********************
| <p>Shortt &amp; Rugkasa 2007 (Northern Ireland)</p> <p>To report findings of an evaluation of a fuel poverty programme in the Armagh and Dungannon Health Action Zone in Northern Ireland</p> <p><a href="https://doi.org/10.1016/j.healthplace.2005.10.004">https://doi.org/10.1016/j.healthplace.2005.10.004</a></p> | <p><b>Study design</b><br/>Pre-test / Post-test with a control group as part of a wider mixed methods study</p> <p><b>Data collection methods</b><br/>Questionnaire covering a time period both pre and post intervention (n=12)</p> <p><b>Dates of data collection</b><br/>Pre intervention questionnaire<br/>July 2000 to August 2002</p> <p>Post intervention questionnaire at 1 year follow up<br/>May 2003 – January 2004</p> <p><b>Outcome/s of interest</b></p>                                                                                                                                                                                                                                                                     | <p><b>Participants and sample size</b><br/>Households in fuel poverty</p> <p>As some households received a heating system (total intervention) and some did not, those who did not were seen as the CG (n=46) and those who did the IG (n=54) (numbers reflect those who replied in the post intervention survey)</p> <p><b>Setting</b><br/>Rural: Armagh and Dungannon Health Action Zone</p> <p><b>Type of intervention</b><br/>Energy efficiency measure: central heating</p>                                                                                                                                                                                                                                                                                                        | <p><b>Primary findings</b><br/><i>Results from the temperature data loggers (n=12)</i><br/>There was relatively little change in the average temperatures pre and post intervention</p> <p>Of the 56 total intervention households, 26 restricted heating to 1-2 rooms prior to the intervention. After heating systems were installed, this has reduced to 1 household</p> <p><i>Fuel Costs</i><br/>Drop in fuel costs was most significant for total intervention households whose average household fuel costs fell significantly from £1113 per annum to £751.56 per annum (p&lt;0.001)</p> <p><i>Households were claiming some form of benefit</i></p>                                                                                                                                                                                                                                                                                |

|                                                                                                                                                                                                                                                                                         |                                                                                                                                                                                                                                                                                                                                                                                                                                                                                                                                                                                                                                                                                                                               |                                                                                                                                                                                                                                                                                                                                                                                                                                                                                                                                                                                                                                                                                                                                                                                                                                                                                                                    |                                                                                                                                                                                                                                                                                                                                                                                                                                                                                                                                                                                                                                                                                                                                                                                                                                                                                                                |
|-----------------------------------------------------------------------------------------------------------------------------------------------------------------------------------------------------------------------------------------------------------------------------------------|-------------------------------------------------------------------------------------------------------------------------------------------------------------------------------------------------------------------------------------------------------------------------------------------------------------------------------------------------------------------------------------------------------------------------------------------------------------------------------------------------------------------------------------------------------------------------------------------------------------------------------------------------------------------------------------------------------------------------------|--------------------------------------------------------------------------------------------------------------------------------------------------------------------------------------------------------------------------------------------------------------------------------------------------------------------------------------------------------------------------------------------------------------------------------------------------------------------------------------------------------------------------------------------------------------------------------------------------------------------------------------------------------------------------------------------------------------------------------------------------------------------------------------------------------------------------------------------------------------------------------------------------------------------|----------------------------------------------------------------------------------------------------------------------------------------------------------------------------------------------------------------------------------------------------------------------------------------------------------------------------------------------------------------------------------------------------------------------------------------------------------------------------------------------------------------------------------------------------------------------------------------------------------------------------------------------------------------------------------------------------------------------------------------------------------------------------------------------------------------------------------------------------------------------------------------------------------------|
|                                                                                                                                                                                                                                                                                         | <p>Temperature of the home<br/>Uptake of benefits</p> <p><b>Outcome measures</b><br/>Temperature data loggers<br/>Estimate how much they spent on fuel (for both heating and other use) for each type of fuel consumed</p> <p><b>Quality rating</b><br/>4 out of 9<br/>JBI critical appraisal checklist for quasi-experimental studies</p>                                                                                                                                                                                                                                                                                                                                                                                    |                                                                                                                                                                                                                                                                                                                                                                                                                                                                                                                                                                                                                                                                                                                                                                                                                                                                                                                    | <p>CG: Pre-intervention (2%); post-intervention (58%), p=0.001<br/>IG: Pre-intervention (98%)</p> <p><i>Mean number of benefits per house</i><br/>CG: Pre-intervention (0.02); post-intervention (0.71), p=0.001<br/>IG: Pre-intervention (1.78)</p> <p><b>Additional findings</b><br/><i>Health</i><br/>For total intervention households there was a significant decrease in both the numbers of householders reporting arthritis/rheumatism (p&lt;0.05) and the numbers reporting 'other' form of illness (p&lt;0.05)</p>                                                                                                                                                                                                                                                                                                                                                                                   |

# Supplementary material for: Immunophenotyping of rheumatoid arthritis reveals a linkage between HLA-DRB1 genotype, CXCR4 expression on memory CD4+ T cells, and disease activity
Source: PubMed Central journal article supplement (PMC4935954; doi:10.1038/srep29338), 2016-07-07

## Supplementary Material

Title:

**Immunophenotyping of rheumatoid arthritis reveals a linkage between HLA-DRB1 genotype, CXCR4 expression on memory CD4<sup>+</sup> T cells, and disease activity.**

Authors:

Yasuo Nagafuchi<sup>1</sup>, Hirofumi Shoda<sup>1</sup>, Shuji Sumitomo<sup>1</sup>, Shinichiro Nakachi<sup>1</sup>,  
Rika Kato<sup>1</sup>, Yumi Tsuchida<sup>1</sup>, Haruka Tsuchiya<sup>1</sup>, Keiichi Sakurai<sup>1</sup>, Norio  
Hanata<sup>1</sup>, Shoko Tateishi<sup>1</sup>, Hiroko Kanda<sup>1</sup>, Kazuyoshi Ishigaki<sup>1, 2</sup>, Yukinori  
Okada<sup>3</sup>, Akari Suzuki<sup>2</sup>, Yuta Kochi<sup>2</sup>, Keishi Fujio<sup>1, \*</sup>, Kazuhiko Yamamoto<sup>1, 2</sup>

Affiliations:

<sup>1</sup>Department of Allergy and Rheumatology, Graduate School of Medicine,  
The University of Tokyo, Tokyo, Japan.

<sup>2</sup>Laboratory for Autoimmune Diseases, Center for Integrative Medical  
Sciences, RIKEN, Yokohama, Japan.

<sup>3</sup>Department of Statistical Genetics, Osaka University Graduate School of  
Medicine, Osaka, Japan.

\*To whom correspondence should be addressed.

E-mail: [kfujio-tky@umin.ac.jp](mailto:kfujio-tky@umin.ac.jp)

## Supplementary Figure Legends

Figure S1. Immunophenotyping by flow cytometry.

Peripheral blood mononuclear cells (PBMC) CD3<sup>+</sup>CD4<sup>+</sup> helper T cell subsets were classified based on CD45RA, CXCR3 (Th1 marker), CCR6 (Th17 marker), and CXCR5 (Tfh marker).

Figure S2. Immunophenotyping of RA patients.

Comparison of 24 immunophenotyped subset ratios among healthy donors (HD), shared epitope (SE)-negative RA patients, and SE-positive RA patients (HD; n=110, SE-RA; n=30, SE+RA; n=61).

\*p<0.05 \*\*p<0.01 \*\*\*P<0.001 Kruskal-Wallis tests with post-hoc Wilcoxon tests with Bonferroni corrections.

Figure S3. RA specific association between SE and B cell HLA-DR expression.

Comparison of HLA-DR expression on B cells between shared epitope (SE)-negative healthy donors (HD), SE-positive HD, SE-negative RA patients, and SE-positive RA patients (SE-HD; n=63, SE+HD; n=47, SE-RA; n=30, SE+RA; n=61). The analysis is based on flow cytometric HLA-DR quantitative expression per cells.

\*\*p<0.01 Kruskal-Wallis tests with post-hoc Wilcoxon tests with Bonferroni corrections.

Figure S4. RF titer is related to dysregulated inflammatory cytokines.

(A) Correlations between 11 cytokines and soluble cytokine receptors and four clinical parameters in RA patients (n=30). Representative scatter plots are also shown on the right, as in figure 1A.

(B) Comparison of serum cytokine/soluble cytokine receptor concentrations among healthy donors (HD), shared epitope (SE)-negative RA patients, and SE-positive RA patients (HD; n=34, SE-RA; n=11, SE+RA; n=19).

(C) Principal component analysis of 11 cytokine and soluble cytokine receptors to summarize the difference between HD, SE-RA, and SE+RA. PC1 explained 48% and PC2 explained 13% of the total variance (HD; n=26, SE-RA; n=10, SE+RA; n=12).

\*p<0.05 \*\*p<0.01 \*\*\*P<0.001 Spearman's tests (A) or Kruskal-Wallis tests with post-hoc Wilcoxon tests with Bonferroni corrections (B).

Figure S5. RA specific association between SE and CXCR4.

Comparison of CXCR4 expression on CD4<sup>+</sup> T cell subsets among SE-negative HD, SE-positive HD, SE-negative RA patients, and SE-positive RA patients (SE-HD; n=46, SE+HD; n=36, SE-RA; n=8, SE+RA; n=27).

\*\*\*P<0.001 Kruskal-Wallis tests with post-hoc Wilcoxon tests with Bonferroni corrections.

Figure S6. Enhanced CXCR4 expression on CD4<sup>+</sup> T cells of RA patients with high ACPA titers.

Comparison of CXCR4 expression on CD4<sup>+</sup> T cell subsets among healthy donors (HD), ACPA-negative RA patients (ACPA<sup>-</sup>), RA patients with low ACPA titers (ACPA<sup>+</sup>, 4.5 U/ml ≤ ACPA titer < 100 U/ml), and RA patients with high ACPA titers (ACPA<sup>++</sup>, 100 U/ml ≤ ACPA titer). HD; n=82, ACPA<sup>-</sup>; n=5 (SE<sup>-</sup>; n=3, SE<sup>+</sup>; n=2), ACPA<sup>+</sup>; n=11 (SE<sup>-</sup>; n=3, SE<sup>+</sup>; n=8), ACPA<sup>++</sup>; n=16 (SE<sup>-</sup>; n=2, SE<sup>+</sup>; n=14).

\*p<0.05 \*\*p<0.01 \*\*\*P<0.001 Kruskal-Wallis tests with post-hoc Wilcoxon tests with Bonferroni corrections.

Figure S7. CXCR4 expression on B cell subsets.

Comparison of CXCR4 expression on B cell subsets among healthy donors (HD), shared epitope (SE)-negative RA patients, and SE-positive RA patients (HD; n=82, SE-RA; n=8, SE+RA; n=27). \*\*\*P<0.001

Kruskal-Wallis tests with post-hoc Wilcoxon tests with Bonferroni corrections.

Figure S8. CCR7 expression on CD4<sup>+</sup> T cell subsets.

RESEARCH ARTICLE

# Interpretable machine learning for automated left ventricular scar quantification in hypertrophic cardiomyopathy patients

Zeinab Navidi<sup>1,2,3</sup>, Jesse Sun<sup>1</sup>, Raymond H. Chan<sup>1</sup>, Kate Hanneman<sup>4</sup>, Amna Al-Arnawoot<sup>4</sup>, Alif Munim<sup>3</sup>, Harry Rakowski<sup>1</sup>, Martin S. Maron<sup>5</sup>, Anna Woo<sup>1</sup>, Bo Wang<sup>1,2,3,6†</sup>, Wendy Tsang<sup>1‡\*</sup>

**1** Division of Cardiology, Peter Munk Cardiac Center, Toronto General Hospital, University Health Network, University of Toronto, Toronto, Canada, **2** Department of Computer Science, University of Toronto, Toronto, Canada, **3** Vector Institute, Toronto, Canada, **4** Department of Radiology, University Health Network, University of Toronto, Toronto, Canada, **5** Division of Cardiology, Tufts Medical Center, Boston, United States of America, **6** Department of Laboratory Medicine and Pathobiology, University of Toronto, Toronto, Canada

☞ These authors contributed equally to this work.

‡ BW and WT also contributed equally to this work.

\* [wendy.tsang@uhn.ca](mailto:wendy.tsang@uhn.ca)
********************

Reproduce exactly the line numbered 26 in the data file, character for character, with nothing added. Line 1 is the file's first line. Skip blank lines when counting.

Peripheral blood mononuclear cells (PBMC) CD3<sup>+</sup>CD4<sup>+</sup> helper T cell subsets were classified based on CD45RA, CXCR3 (Th1 marker), CCR6 (Th17 marker), and CXCR5 (Tfh marker).